16. D’Amico L, Patane S, Grange C, Bussolati B, Isella C, Fontani L, Godio L, Cilli M, D’Amelio P, Isaia G, Medico E, Ferracini R and Roato I. Primary breast cancer stem-like cells metastasise to bone, switch phenotype and acquire a bone tropism signature. Br J Cancer. 2013; 108(12):2525-2536.

17. Gangopadhyay S, Nandy A, Hor P and Mukhopadhyay A. Breast cancer stem cells: a novel therapeutic target. Clin Breast Cancer. 2013; 13(1):7-15.

18. Agur Z, Kirnasovsky OU, Vasserman G, Tencer-Hershkowicz L, Kogan Y, Harrison H, Lamb R and Clarke RB. Dickkopf1 regulates fate decision and drives breast cancer stem cells to differentiation: an experimentally supported mathematical model. PLoS One. 2011; 6(9):e24225.

19. Harrison H, Farnie G, Howell SJ, Rock RE, Stylianou S, Brennan KR, Bundred NJ and Clarke RB. Regulation of breast cancer stem cell activity by signaling through the Notch4 receptor. Cancer Res. 2010; 70(2):709-718.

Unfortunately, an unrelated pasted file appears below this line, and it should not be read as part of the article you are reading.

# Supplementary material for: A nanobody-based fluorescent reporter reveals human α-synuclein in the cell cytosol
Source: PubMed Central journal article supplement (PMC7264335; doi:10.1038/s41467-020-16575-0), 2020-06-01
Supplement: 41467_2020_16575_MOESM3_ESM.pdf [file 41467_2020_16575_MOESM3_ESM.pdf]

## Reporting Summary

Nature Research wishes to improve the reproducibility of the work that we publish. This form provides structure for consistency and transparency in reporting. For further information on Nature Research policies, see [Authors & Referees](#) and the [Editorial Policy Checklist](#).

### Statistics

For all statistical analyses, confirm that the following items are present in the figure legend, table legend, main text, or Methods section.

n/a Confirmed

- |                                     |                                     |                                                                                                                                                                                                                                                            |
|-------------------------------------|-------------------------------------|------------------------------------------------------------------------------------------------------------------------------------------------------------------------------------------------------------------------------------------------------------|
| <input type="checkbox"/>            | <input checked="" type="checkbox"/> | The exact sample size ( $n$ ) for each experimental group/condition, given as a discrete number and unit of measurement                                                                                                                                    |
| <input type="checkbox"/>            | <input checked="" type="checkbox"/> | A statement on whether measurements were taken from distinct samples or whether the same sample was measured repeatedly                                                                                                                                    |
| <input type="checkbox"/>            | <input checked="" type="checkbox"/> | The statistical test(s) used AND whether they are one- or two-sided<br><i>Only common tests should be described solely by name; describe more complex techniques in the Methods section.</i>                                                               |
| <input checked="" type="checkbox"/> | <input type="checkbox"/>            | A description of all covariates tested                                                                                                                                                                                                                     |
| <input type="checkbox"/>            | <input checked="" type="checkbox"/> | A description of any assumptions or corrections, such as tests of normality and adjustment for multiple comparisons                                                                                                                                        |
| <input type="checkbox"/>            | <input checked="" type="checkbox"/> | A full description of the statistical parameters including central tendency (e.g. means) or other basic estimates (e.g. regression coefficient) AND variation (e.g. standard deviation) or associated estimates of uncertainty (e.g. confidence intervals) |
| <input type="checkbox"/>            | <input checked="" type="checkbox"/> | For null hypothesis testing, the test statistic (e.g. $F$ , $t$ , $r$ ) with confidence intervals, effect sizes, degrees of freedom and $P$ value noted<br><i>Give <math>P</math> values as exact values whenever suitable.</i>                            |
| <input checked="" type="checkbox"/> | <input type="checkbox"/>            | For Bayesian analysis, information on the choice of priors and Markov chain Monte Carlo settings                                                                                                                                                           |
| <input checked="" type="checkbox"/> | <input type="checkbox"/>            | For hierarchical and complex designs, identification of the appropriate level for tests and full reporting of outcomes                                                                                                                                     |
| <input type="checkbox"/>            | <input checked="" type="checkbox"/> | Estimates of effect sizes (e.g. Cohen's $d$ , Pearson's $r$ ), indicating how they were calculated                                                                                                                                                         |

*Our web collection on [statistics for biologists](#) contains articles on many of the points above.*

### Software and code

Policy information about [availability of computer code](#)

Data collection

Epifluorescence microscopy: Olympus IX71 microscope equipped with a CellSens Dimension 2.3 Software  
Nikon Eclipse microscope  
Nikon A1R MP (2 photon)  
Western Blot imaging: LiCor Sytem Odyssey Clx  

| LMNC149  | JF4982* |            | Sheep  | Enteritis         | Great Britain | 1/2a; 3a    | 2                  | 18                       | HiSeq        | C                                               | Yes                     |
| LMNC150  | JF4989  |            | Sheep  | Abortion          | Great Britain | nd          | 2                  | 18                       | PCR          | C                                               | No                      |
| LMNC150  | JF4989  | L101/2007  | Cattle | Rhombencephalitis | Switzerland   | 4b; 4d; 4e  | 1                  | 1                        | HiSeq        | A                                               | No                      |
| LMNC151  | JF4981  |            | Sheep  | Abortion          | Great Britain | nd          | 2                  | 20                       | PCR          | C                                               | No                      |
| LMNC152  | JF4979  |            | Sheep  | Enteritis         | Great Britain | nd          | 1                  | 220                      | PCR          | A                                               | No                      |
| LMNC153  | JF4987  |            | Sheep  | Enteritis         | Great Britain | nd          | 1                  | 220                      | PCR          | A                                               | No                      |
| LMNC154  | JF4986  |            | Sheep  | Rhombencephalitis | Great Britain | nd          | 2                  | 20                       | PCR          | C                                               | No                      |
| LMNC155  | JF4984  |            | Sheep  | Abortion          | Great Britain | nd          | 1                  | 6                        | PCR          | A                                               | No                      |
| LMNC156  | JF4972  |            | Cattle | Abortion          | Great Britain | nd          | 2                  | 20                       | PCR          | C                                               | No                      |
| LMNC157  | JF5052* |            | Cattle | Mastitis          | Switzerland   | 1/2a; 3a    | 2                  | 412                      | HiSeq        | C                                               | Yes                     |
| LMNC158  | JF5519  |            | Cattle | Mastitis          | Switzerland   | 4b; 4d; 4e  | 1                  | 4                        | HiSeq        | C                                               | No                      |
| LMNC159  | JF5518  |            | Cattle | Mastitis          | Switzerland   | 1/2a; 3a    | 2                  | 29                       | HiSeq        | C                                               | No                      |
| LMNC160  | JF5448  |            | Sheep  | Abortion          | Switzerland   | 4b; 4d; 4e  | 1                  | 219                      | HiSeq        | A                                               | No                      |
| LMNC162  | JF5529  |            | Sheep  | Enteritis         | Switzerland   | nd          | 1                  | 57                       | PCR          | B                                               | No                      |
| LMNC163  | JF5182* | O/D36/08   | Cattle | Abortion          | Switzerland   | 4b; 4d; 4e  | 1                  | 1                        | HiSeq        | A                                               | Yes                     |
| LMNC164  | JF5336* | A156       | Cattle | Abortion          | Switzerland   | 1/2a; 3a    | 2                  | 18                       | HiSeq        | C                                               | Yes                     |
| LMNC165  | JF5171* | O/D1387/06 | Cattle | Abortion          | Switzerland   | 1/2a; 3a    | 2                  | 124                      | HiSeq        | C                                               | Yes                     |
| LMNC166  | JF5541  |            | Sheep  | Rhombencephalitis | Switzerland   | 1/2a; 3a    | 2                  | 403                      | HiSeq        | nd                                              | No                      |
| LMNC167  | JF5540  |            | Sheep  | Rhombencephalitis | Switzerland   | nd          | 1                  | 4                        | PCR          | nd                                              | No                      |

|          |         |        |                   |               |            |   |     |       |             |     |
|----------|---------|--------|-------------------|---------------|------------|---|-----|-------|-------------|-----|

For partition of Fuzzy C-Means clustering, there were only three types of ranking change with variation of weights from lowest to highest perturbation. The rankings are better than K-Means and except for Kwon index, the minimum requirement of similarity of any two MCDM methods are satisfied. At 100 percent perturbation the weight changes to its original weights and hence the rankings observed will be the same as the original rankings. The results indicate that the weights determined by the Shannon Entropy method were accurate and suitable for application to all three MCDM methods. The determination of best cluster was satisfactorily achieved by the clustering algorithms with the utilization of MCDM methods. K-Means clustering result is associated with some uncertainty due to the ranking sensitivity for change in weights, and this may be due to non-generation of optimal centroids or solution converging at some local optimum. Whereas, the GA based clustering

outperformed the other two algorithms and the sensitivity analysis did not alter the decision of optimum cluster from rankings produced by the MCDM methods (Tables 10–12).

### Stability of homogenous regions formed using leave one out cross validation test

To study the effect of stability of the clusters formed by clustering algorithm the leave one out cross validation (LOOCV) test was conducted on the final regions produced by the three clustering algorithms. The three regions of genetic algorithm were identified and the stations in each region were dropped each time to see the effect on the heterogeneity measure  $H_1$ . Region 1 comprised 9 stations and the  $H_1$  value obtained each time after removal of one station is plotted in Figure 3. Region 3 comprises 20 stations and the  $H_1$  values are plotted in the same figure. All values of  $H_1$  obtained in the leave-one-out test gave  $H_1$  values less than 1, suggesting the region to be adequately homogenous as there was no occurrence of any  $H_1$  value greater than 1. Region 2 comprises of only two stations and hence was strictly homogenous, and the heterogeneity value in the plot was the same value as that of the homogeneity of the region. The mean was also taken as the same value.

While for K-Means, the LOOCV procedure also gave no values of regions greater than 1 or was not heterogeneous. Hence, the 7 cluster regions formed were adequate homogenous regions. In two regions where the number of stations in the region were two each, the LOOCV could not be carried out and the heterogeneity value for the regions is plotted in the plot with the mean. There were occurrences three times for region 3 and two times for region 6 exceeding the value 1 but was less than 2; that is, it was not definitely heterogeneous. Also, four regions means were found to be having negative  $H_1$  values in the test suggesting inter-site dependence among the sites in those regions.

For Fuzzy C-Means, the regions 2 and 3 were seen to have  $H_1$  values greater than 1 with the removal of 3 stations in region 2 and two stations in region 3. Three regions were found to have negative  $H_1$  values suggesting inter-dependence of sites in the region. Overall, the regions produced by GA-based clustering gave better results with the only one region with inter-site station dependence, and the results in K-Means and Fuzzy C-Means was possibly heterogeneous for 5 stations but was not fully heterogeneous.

20. Lamb R, Ablett MP, Spence K, Landberg G, Sims AH and Clarke RB. Wnt pathway activity in breast cancer sub-types and stem-like cells. PLoS One. 2013; 8(7):e67811.

21. Singh JK, Farnie G, Bundred NJ, Simoes BM, Shergill A, Landberg G, Howell SJ and Clarke RB. Targeting CXCR1/2 significantly reduces breast cancer stem cell activity and increases the efficacy of inhibiting HER2 via HER2-dependent and -independent mechanisms. Clin Cancer Res. 2013; 19(3):643-656.

22. Shaw FL, Harrison H, Spence K, Ablett MP, Simoes BM, Farnie G and Clarke RB. A detailed mammosphere assay protocol for the quantification of breast stem cell activity. J Mammary Gland Biol Neoplasia. 2012; 17(2):111-117.


Creative Commons License All site content, except where otherwise noted, is licensed under a Creative Commons Attribution 3.0 License.
PII: 2312